Containing the blind Sheikh
Few, outside the conservative wing of the GOP believe there is a chance that Abdel-Rahman, one of the most dangerous terrorists every convicted, will ever leave a U.S. prison, but there are valid concerns about the continuing influence he wields as an inmate. The significance of allowing him to communicate with his followers was underscored in 2005 with the conviction of Lynne F. Stewart his former lawyer.
Found guilty of conspiracy after messages from Abdel Rahman were smuggled to the Islamic Group following her visits to him in federal custody, Stewart was sentenced to twenty-eight months in Federal prison. Then in 2010, as a result of perjury at her trial and her lack of remorse, she was re-sentenced to ten years. The Second Circuit Court of appeals affirmed the sentence last June.
Ramzi Yousef, who built the 1993 WTC device has been held under what the Bureau of Prisons calls “special administrative measures” since 1998. At his sentencing Federal Judge Kevin Duffy called Yousef “a virus that must be locked away,” and ever since then he’s been in solitary lockdown in a 7 by 11 foot cell at the ADX Florence, the so-called “Supermax” prison. Pursuant to a 15-page list of rules, Yousef can read books and watch a small black & white T.V. but he’s forbidden from making communications to the outside world. And for good reason.
Linking the two WTC attacks
In April 2010, after years of denial by Justice Department officials and the 9/11 Commission that there was a connection between Yousef’s WTC bombing two decades ago and the September 11th attacks, the SDNY updated the superseding indictment of Yousef to include his uncle Khalid Sheikh Mohammed (KSM) for his role in the airliner hijacking plot that killed more than 3,000.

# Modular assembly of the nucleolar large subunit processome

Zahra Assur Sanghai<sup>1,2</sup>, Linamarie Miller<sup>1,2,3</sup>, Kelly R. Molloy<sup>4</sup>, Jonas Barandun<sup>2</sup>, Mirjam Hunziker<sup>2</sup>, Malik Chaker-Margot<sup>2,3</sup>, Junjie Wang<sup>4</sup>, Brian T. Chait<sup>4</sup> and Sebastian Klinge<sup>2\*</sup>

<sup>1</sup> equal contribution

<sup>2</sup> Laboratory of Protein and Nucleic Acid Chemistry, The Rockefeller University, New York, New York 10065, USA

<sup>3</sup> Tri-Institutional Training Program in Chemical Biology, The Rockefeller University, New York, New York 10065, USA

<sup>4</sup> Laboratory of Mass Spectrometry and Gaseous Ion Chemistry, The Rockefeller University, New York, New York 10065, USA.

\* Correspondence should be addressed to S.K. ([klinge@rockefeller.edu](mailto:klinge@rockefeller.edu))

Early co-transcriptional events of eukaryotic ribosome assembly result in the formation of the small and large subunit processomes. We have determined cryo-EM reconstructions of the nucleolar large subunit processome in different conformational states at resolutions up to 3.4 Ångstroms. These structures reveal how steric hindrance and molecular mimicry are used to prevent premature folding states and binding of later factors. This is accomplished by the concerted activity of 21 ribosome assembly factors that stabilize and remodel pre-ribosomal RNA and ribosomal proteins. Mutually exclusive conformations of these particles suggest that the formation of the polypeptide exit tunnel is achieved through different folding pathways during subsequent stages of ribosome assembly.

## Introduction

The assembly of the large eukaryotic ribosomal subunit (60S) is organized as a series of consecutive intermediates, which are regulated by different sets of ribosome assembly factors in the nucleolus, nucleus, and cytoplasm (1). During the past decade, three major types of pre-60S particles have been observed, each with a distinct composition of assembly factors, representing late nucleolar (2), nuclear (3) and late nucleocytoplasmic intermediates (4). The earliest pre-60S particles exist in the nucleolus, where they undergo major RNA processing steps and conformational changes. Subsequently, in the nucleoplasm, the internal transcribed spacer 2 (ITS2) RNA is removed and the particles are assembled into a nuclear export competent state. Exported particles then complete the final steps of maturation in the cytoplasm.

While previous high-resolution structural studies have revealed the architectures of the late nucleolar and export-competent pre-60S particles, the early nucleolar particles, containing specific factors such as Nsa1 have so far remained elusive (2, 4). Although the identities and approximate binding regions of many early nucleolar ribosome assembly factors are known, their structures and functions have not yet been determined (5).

I first reported that link in my book 1000 Years for Revenge in 2003, but it was steadfastly denied by federal prosecutors including Patrick Fitzgerald and the 9/11 Commission’s Staff Statement 15 which claimed that Yousef was merely ““part of a loose network of extremist Sunni Islamists.”
In a 2005 interview, Fitzgerald, the former head of the organized crime and terrorism unit in the SDNY, said, “People assume that the World Trade Center bombing was an al Qaeda operation. . . . I’ve never assumed that. . . . What I would say is, we learned that the World Trade Center bombing and the Day of Terror plots were part of a jihad network. I wouldn’t necessarily conclude that that was al Qaeda.”
But it’s clear from the SDNY’s new eight-page superseding indictment, available on the NYT website that the two attacks on the Twin Towers were controlled and funded directly by al Qaeda. Since the blind Sheikh is the convicted leader of the New York cell that spawned that first attack, his ability to communicate with the outside world should be no less restrictive than Yousef’s.
And if there was any doubt that his followers intend to use his potential release as a rallying cry for jihad, Sheikh Omar’s sons issued a new warning on their website last Friday, threatening Washington, “that there will be a hefty price to be paid if the U.S. continues to adopt a stubbornness policy in response to requests to free the ‘Hostage Sheikh.’”
The renewed cries to loosen the reins on Abdel-Rahman may have inspired his former bomb maker. On February 18, Ramzi Yousef filed suit to get out of solitary confinement and lift the measures muzzling him from speaking to the outside world. Claiming that he’s no longer a threat, Yousef, who also designed the “planes as missiles” plot carried out by his uncle KSM on 9/11, has asked the Supermax warden for permission to enter the general prison population.
President Obama, is scheduled to meet with Dr. Morsi in March. At that time, the Sheikh’s freedom will be at the top of the Egypt’s agenda. But the U.S. president would do well to remember the bomb planted by Ramzi Yousef twenty years ago today. Executed by a cell controlled by the blind Sheikh, it was a precursor to much of the al Qaeda terror that followed and as Santayana warned, history forgotten is history relived.
Note: On the eve of the 20th anniversary of the World Trade Center bombing Jonathan Dienst of WNBC-TV presented a special report featuring Emad Salem.
Peter Lance is a five-time Emmy-winning investigative reporter now working as a screenwriter and novelist.